Wednesday, March 12, 2008

So there

I do so enjoy it when smart people agree with things I think. Megan McArdle, as ever, is heroine number 1. She explains why we like certain kinds of narrative stories but that, these days, they often come packaged as Harry Potter or Mills and Boon. So those of us who are made of more pretentious stuff must look elsewhere to satisfy our lust for a ripping good yarn and one place we find it is in memoirs, which it's ok to like. The trouble is that people lie like psychotic 3 year olds in their memoirs, so how should we react to this? Some people don't mind much, but some do.

Having neatly separated fact and fiction, we now read only "fact" as a way to learn about correct behavior, where a hundred years ago people were perfectly accustomed to taking moral or social lessons out of obvious fiction (from whence the term "morality play"). Memoir alone do we permit ourselves to read for the (now conscious) purpose of obtaining information about how human beings behave in other situations than ours.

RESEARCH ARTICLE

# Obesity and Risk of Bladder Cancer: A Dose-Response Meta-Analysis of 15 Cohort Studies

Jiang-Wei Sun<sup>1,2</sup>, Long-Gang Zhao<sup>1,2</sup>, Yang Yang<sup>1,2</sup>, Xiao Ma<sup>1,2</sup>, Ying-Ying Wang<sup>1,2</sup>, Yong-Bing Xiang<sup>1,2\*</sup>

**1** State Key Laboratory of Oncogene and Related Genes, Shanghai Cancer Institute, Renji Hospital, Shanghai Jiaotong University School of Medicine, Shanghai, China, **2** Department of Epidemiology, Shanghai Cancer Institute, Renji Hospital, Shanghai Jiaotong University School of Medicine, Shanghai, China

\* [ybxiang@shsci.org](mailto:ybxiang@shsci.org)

But for that, we require versimilitude; we're only interested in reading about being in rehab or growing up in a gang if that is what it is actually like. Otherwise the "compare and contrast" to our own lives seems meaningless.


 

What I have in mind in particular is "A Million Little Pieces" by James Frey. I was shocked to hear people, including some of the principle whistle blowers, leap to his defence when it emerged that most of the book was a total fabrication. I remember reading things like, "I'll still make my kids read it. It does a great job of explaining why you shouldn't do drugs". So, your kid reads about how drugs mess up your life (turning you into a compulsive liar is apparently one of them), from a real drug addict! Your kid is deeply impressed and does some more digging only to discover that it isn't what it's like to an addict at all! Yay! It's all lies, such a good moral.

Just stick in the fiction section where the fake message won't be watered down later by the discovery that it isn't true.

2 comments:

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